“This bag is not a toy” reads the writing on most plastic bags. But animals who find a plastic bag on the beach or in the ocean or in the desert cannot, of course, read. Too often they eat the bag or other plastic item, with fatal results. It’s no wonder that two Supreme Court justices have said that plastic bags are a bigger threat to India’s future — to any of ours — than nuclear weapons.
1) A sperm whale
Scientists have determined that a sperm whale that washed up on the southern coast of Spain had ingested 17 kilograms of plastic waste, most transparent sheeting used to build greenhouses. The 10 meter, 4.5 ton whale had swallowed 59 different types of plastic, including 24 pieces of the transparent sheeting, nine meters of rope, two pieces of hose, two small flower pots and a plastic spray canister, as well as plastic bags.
All of this debris is “typical” of the supplies used in 40,000 hectares of greenhouses in southern Almeria and Granada, regions that have become “Europe’s winter market garden.” Environmentalists say that local riverbeds are often full of plastic debris from the greenhouses. As these are often built right up to the edge of the water, some of the debris also ends up in the ocean.
Only about 1,000 sperm whales (the biggest in the world with teeth) live in the Mediterranean. Many are killed after colliding with ships or being caught in nets — or ingesting the plastic detritus we cast into the sea.
2) More than a million seabirds
As a recent video of a seagull eating a plastic bag terribly revealed, seagulls and others birds eat pieces of plastic, which they mistake for food. It’s a truly fatal error, but one that, given the 300 million tons of plastic floating around in the ocean, too many seabirds are likely to make.
3) A pregnant pit bull and her pups
On March 5, the bodies of five pit bulls were found burning in a trash bag outside a beverage warehouse in Brooklyn. A necropsy analysis by the American Society for the Prevention of Cruelty to Animals (ASPCA) revealed that the dogs were already dead before two individuals (recorded on a grainy video) put them into the bag, placed it near a trash heap and set it on fire.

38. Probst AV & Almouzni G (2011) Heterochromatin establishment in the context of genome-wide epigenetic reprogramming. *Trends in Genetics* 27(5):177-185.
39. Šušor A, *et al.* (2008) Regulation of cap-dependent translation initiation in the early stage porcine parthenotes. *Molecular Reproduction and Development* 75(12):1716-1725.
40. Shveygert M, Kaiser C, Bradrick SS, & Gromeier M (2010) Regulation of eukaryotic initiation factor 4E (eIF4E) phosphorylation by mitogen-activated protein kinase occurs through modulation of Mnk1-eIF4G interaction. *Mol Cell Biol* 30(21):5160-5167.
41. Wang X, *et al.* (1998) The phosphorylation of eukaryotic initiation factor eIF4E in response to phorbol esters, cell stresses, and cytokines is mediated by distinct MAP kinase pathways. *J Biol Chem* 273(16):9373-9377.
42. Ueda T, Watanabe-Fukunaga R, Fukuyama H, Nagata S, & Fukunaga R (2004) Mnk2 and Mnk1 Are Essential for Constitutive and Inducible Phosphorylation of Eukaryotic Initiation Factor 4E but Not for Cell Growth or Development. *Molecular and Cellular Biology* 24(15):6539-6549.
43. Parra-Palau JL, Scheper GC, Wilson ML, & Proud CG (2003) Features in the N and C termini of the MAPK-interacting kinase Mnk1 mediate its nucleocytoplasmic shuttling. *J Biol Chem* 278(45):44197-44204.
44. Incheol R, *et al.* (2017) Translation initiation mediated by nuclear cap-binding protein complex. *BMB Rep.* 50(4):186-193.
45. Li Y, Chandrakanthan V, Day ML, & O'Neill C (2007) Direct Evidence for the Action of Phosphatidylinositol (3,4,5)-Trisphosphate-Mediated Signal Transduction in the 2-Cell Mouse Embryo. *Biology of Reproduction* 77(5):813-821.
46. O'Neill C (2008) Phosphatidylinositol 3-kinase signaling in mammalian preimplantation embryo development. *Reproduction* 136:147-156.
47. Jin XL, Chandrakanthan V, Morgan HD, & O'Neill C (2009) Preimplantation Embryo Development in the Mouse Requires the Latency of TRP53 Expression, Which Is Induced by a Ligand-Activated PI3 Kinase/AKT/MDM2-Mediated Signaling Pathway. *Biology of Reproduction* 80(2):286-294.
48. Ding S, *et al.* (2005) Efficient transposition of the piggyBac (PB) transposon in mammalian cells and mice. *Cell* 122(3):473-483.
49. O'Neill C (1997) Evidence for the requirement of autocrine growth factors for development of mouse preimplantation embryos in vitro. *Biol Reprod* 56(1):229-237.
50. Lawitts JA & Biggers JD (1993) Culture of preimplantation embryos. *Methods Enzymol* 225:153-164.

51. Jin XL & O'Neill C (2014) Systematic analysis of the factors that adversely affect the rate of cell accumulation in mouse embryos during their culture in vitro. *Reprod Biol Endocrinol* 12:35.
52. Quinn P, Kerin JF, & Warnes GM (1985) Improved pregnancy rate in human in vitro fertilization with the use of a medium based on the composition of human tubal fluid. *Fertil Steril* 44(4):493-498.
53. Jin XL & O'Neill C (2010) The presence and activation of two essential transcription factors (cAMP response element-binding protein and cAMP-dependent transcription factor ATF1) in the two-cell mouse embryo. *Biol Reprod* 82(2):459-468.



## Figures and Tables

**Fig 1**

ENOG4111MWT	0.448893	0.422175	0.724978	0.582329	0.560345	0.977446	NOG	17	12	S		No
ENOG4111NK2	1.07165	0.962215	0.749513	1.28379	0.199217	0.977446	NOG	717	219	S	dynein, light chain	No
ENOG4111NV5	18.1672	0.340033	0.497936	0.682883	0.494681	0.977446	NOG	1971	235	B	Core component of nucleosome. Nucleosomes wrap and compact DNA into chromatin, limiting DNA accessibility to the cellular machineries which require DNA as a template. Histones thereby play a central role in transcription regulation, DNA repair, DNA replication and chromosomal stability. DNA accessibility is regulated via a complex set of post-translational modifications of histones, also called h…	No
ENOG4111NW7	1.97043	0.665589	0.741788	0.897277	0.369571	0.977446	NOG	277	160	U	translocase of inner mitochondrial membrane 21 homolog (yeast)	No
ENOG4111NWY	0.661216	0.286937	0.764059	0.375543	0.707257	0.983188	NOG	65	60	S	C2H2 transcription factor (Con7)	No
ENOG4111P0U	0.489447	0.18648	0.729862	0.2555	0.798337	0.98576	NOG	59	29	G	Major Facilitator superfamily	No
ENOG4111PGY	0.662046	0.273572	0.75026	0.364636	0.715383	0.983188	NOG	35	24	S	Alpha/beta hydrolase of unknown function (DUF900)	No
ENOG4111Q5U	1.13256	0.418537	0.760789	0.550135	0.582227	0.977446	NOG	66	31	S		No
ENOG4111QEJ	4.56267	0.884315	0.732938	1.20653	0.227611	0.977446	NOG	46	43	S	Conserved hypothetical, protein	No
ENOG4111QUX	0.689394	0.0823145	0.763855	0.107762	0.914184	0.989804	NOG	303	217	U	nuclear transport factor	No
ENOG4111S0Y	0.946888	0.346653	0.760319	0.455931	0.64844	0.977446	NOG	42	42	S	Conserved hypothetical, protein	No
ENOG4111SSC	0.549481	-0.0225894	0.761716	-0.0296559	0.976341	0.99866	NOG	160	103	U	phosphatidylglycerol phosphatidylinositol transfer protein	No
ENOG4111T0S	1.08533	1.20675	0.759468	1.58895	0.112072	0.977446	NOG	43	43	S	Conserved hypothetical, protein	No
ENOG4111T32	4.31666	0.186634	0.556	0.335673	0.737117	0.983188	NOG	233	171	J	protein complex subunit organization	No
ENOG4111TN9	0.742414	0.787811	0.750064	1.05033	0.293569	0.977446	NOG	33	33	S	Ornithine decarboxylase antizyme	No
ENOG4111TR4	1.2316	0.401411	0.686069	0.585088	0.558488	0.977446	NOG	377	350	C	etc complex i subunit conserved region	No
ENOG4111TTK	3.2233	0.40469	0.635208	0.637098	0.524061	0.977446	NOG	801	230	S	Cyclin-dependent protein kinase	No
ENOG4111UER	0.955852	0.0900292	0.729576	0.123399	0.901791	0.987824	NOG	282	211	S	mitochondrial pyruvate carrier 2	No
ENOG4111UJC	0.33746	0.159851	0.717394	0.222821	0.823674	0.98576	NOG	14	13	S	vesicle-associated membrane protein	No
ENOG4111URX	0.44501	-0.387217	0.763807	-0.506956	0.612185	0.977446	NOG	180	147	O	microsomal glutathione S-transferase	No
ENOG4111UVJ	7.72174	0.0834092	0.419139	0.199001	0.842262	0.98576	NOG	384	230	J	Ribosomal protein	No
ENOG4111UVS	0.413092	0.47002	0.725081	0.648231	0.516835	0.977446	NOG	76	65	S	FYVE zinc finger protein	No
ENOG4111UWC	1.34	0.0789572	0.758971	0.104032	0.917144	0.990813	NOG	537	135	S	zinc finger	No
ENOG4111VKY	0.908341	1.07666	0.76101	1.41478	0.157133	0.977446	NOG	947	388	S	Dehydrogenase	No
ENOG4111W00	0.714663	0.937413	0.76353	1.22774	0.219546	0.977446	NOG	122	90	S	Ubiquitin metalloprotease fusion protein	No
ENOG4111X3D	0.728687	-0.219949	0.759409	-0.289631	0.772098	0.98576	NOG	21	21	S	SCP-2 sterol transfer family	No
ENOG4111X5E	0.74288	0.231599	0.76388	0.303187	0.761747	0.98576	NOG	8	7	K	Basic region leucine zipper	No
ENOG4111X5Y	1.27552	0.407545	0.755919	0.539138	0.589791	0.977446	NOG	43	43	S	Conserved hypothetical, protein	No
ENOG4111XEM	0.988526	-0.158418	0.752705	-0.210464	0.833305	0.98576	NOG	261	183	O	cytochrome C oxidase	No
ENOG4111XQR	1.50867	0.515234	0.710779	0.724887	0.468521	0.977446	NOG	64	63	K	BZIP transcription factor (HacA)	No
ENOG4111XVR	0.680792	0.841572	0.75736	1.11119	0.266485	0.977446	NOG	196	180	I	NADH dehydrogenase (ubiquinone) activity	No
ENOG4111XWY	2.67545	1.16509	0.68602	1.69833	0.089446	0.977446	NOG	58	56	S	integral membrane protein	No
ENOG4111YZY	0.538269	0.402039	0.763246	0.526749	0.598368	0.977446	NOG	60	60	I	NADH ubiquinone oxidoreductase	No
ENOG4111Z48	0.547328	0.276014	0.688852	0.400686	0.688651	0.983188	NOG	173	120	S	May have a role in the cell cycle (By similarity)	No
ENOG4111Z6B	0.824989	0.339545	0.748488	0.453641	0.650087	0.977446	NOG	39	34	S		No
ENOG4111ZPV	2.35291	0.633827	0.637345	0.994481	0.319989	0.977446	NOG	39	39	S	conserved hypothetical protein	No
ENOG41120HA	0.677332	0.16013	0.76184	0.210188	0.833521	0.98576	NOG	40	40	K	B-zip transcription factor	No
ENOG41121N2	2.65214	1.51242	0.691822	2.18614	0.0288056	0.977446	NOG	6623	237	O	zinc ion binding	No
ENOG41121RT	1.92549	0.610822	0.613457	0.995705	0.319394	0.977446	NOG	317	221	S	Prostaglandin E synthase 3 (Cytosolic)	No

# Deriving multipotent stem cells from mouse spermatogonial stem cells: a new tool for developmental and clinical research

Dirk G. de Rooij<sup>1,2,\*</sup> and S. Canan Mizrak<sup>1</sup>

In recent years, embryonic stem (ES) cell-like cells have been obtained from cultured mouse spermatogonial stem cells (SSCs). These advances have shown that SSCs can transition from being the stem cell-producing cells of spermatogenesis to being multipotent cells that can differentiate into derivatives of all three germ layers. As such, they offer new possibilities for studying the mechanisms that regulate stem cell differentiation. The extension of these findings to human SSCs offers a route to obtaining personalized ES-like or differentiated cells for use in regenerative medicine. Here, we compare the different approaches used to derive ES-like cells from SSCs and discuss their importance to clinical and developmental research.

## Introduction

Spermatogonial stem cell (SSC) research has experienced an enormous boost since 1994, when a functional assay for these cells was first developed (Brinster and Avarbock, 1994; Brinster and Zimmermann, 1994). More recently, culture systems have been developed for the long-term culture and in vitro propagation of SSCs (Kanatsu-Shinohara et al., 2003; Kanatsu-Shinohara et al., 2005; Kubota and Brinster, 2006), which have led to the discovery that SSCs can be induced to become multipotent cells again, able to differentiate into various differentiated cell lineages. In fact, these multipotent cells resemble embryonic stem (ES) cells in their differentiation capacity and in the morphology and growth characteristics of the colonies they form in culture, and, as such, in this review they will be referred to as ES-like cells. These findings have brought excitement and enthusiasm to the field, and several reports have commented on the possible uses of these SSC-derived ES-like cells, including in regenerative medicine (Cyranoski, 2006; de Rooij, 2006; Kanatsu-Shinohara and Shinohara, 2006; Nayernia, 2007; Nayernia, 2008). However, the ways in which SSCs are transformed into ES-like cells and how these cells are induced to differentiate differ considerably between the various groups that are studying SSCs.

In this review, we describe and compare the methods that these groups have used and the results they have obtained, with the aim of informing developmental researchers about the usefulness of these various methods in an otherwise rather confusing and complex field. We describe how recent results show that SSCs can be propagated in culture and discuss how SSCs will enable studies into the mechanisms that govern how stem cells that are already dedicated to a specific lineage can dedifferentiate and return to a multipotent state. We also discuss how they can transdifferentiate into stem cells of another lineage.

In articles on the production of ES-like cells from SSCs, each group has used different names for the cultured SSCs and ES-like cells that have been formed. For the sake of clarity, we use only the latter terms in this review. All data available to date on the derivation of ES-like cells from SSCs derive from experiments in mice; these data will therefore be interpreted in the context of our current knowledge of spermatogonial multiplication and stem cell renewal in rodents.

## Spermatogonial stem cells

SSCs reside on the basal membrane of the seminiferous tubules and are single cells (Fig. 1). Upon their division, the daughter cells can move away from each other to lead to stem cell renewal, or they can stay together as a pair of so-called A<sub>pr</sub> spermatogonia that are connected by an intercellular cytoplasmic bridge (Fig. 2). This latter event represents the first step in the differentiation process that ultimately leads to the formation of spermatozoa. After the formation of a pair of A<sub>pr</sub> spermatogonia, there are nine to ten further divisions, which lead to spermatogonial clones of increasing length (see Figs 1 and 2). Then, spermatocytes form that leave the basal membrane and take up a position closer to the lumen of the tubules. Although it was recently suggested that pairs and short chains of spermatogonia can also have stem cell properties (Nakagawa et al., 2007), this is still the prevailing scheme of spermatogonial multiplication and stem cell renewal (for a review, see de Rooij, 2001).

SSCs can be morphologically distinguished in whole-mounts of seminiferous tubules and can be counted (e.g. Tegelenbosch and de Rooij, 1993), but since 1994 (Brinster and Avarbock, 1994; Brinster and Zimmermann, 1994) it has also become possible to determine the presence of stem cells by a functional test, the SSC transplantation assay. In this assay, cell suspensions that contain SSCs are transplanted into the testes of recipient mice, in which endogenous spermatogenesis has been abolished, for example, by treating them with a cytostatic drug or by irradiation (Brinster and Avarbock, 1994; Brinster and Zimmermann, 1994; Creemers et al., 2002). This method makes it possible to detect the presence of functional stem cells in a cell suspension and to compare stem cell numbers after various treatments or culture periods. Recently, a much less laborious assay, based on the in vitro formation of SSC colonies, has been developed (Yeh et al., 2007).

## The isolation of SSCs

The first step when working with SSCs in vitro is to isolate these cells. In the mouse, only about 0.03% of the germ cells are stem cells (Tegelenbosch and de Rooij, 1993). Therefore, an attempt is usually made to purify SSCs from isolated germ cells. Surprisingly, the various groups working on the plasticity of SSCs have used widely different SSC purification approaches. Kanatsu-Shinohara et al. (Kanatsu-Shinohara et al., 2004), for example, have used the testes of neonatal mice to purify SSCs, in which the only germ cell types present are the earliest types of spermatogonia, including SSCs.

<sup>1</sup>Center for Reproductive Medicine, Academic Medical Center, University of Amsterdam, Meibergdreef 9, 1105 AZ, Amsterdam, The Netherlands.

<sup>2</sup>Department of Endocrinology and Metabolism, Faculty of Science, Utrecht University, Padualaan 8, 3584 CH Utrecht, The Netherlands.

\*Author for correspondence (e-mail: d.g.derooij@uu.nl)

The pregnant pit bull had eaten a plastic object that led to two acute intestinal obstructions. She was, says the New York Times’ City Room blog, cut open, apparently in an attempt to save the puppies. But they had already died at the same time as their mother, according to an ASPCA spokesperson.
4) Cows in India
Up to 60 kilograms of plastic bags have been found in the stomachs of cows in India. Not only do the bags choke the animals’ stomachs but plastic residues than enter the human food chain through dairy and other products. The Indian capital city of Delhi banned all plastic bags in 2009; last year, it also banned the use of plastic wrappers on magazines and other items and “all use, sale and manufacture of plastic bags in the city.”
Studies of U.S. and U.K. waters have found that fish have ingested plastic. In some cases, the plastic is eaten by smaller fish who are then eaten by larger fisher which humans eat — meaning that you could be eating plastic in your dinner.
Plastic debris has been found in Antarctica and also in the desert. Camels have been found dead after eating plastic bags and other items left behind by travelers and others, as have sheep, goats, cattle and protected species including the Arabian Onyx. Says David Wernery, whose father is the director of the Central Veterinary Research Laboratory in Dubai in the United Arab Emirates, “Most people’s attitude is ‘Just drop it, others are there to pick it up.’”
The deaths of so many animals from plastic are surely a reason to ban single-use plastic bags as some U.S. communities have. But we have a long way to go. In Europe, plastic makes up 80 percent of marine litter while only a quarter of non-disposable plastic is recycled.
Last Thursday, the European Union published a green paper on plastic waste, but it will not be until next year that specific regulatory actions will be initiated. As Finnish MEP Satu Hassi, a Green environment spokesperson, says to the Guardian, the release of the paper is “overshadowed by the delay in anticipated EU legislation on one-use plastic bags” — and certainly by the death of the sperm whale off the waters of southern Spain and so many, too many, other animals.
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